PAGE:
Ukraine conflict: Helping one family search for lost soldier
When I first met Black Tulip last year, I never imagined its work would become quite so personal for me.
The Ukrainian group is made up of volunteers who risk their lives to bring back the bodies of soldiers killed in action in the east of the country. It has found the remains of more than 600 servicemen.
Back in October we were the first journalists to join the group on a recovery mission. And I will never forget it. Scenes of devastation and human tragedies made my blood run cold.
In a trench near the town of Snizhne in Donetsk region, the volunteers found the bodies of four Ukrainian soldiers.
The smell of rotting corpses was hard to bear.
It was dangerous work. There was the risk of unexploded shells or booby-traps. And volunteers had no protective equipment except for gloves and gas masks.
Killed, wounded or captured?
A few days later, I had returned from the visit and was trying to forget the atrocities of the war.
But soon after the report was broadcast on television, I got a message from a lady called Ivanna Pivovarchyk who had watched it.
Ivanna and her sister Iryna wanted my help.
Their brother Sergey Pivovarchyk and three other soldiers went missing in action on 6 August 2014. The family had asked military authorities what had happened, but received no answer.
"Was he killed, wounded or captured? Many relatives were demanding answers from generals. But they seemed reluctant," Ivanna told me.
"These were terrible months: we were searching and praying. We did not even know how to refer to Sergey in our prayers - as dead or as alive."
Not long after he disappeared, Ivanna heard from a resident of Snizhne that documents belonging to her brother had been found on a battlefield nearby.
She was also sent a video apparently showing four dead soldiers near a checkpoint hours after fighting.
And then she and her sister Iryna saw our report, showing Black Tulip volunteers discovering four bodies near Snizhne.
They wrote to me to try to find out whether their brother was among those found.
Barely recognisable bodies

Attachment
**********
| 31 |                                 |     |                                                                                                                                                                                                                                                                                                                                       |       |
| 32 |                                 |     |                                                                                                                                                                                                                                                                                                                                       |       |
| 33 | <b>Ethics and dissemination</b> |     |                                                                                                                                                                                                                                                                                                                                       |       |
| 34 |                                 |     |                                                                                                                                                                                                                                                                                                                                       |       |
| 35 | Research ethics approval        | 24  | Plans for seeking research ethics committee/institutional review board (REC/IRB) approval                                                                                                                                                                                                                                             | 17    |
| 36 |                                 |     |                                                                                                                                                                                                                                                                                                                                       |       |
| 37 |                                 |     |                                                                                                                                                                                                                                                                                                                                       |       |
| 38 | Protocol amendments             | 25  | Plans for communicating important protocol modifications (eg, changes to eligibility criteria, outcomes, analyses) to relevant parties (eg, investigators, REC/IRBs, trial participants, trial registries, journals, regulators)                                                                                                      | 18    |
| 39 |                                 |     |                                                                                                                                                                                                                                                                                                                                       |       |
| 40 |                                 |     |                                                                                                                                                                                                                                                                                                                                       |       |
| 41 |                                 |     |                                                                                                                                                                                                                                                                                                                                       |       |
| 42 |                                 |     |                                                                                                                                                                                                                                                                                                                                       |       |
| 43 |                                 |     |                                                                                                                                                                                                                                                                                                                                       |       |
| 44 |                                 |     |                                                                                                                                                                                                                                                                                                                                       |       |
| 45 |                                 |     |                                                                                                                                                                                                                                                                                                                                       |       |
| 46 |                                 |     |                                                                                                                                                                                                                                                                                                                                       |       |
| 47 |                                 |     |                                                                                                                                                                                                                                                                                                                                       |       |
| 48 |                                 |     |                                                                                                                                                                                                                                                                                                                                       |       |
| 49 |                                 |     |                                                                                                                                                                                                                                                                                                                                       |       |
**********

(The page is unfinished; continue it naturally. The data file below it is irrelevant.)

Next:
I remember watching the video and photos of him they sent me, again and again.
I tried to compare his image to the barely-recognisable bodies we saw near Snizhne.
Reliving those memories was hard. But it seemed impossible to leave this desperate family without help.
"That is exactly what keeps us moving," says Yaroslav Zhilkin, the head of the Black Tulip group.
"These soldiers died fulfilling their duty. Their relatives are waiting for them. If the government does not bring them back home for some reason, than we will do it as long as we can."
And so Black Tulip agreed to take on the case of Sergey Pivovarchyk and help Iryna and Ivanna find their brother.
'Desperate for support'
Black Tulip has been managing hundreds of similar requests from families across Ukraine.
The volunteers' challenging work is funded entirely by donations. The Ukrainian army tries to help them with fuel, but that is all.
"We are desperate for government support," says Yaroslav Zhilkin, who was previously a successful businessman.
Before the crisis, the 43-year-old would spend his spare time helping to search for the remains of soldiers who went missing during World Wars One and Two.
He never imagined that experience would become so useful - now in looking for soldiers killed in the current conflict.
Over the past year Yaroslav has spent over $160,000 (£100,000; €147,000) of his own money to keep the project going. He has already been forced to sell his watch to try to raise money.
Other volunteers have also sacrificed their own time and money.
But at the moment Black Tulip has debts of almost $135,000.
"We need proper protection equipment and funding," Yaroslav says. "Our legal status needs to be sorted out, because volunteers have started having problems at work.
"We may have to terminate our mission."
Ukraine's security service says more than 1,100 people are listed as missing because of the conflict in eastern Ukraine.
Black Tulip believes between 300 and 1,500 missing soldiers are still to be found. It also responds to requests from pro-Russian rebel commanders for their fighters to be returned.
Ukrainian officials have promised support and some funds - maybe next year.
But it is becoming harder day by day for the group to find and identify missing soldiers.
At least the volunteers have been able to help Ivanna and Iryna recover the body of their brother.
As it turned out, his remains were among those found by Black Tulip near Snizhne that day back in October.
"It is still very painful. But after we buried Sergey it has become easier to cope," says Ivanna.
"At least we know where he is; we can come to his tomb and talk to him.
"There are no words to express how grateful we are to Black Tulip for bringing our brother back.
"I hope they will be able to continue their work. Not knowing the destiny of missing soldiers is a torture for relatives."